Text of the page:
We went in through a conference room with a large oaken table and then into the speaker's inner sanctum, his actual office.
The office with the glass doors that looked out on to what is surely the most beautiful view of the National Mall, from the Capitol steps, to the monuments, and, in the distance, to Arlington National Cemetery.
It is truly a breathtaking view.
There were two huge wing-back chairs in front of the doors, with a small table in between.
We both sat down, while various Boehner relatives scurried around, looking at the paintings on the walls and the décor. Keating had his camera, firing away at Boehner, me, and everything else in sight.
Boehner told an aide to find an ashtray. The aide quickly returned with a leaded crystal ashtray that was not only massive but no doubt very expensive. He set it down on the table between us.
The speaker-to-be reached into his pocket and pulled out a smoke; I did the same.
Smoking in the U.S. Capitol? Yes, it was allowed – but only in members' offices. And I don't think anyone was going to tell the new speaker he couldn't do that.
OK, on the record, Boehner said, fire away.
We sat there for perhaps 20 to 25 minutes, with me blurting out questions and Boehner answering, as I scribbled away in my reporter's notebook.
He talked about his new rules package, which would require, among other things, specific constitutional justification for every piece of new legislation.
He talked about his relationship with President Obama, saying the two of them got along fine personally, but simply had deep policy differences.
He said that his new GOP majority in the House would likely vote the next week to repeal Obamacare and that the Senate, still dominated by Democrats, would balk at that. He was right.
I can't control the whole legislative process, Boehner said, all I can control is what happens over here on this side.
There was more than a little irony in that comment, because, in the end, Boehner was forced out of the speakership by a revolt among the most conservative members of the GOP caucus, whom he most certainly could not control.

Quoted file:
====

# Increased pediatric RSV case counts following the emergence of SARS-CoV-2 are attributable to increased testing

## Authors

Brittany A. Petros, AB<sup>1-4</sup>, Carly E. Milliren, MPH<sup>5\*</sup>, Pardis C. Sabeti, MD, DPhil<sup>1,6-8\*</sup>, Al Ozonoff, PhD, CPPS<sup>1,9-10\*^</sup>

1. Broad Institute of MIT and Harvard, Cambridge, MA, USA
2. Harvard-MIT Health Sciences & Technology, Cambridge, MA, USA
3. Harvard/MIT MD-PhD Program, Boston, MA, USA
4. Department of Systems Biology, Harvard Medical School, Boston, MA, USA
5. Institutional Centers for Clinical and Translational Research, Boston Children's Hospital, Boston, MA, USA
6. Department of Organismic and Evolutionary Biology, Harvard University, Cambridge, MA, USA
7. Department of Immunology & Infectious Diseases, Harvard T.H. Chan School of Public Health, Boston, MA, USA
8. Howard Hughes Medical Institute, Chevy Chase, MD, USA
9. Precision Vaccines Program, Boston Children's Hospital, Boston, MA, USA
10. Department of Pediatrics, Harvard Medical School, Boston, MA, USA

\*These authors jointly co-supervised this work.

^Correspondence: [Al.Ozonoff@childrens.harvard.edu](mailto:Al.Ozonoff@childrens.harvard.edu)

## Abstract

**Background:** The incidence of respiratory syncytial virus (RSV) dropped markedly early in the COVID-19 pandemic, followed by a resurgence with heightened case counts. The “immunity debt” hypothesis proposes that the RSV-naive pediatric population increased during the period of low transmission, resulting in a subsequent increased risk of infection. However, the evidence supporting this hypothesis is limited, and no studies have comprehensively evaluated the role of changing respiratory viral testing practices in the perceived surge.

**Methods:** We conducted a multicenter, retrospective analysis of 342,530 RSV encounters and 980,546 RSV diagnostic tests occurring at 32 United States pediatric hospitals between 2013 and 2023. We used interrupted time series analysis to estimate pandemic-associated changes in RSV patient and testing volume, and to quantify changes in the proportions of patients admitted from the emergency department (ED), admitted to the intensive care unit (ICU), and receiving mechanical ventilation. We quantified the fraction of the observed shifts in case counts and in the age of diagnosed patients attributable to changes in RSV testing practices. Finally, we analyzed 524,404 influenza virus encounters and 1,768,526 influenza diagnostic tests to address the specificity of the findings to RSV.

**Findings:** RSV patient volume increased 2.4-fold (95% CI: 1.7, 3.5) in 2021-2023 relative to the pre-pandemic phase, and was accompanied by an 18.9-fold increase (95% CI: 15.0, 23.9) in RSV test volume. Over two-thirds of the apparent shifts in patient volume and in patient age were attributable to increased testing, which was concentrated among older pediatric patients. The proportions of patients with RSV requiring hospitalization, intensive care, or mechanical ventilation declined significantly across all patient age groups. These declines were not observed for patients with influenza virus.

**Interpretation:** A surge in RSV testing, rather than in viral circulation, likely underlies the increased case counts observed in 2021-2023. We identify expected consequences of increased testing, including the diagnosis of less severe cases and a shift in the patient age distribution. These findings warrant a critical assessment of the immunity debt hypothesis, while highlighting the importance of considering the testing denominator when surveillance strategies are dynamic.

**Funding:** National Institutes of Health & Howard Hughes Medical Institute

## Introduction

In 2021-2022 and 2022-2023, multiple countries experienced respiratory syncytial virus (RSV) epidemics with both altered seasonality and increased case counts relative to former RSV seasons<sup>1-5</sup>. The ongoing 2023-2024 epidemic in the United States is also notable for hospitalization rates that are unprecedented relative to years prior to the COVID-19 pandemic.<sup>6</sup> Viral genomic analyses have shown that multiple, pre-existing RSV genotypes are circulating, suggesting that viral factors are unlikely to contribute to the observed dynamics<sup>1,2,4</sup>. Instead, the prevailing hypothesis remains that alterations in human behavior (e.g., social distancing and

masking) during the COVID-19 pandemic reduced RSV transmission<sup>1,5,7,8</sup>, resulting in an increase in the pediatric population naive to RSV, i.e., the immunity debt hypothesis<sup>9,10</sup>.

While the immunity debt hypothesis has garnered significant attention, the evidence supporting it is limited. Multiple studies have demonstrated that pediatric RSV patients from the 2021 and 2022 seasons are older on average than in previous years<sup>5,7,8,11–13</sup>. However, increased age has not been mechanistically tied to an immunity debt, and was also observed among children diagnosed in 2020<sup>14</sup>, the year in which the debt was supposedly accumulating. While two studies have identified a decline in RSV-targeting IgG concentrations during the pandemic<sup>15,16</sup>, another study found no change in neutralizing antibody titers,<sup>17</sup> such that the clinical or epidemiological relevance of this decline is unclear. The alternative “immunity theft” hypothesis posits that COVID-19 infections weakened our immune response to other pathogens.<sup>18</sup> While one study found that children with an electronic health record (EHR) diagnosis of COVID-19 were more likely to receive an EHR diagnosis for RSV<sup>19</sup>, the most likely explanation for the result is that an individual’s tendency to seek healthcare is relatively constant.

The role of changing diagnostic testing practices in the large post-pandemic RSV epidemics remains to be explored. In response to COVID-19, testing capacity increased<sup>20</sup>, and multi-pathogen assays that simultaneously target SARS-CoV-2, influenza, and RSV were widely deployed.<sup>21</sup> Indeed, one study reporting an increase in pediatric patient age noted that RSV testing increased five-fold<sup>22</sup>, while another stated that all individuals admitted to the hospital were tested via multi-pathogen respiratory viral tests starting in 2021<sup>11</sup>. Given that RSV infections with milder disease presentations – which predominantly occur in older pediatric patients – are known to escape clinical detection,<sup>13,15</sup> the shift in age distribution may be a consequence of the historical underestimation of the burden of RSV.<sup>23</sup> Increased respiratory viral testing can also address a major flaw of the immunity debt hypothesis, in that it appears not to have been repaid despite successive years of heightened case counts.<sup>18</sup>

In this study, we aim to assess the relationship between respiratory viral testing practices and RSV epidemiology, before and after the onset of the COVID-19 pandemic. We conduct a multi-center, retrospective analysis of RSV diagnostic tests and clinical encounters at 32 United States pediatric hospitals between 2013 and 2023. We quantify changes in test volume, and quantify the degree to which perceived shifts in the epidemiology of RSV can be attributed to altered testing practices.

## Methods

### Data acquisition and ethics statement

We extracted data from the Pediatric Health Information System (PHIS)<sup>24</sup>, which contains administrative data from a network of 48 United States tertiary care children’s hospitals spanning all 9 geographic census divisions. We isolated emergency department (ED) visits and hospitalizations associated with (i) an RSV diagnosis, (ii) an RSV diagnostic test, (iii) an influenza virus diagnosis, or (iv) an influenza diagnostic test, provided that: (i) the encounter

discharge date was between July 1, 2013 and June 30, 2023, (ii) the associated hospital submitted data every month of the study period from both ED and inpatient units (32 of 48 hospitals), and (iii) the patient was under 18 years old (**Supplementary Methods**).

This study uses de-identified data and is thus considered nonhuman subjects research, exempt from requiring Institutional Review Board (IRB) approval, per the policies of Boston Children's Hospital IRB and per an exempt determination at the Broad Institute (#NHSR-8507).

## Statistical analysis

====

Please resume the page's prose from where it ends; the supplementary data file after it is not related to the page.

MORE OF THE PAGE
We talked and chain-smoked until he realized it was getting close to the time when he had to wrap up the family reception and get to the floor of the House to be elected speaker.
Gotta run, he said, See you around. Hope you got a story out of that.
You'd better believe I got a story out of that.
I knew perfectly well that I was the only reporter on Capitol Hill or anywhere else who would get an interview with Boehner on the day of his swearing-in. His staff had made it clear that Boehner would be granting no interviews.
Unless, that is, he needed a smoke and I was handy.
I scrambled to write a story. For some reason, I couldn't get a wifi signal inside the building, so I ran outside into the old 19th century carriage entrance on the House side of the Capitol, set my laptop up on a wall that was about chest-high, and, standing up, started banging out a Boehner interview story at somewhere close to the speed of light.
I finished; I filed; and within minutes, the story was up on the Enquirer website.
A little while later, I went into the House Press Gallery, where there were some congressional reporters grumbling that they couldn't get Boehner to talk, or even hold a press conference.
"I got him,'' I said, coolly. "Interviewed him in his office. My story's on our web site."
One of the journalists asked me how I did it.
"I had a secret weapon,'' I said, pulling out my pack of cigarettes and tossing them on a desk. "Boehner's a sucker for a fellow smoker. Maybe you guys should try it."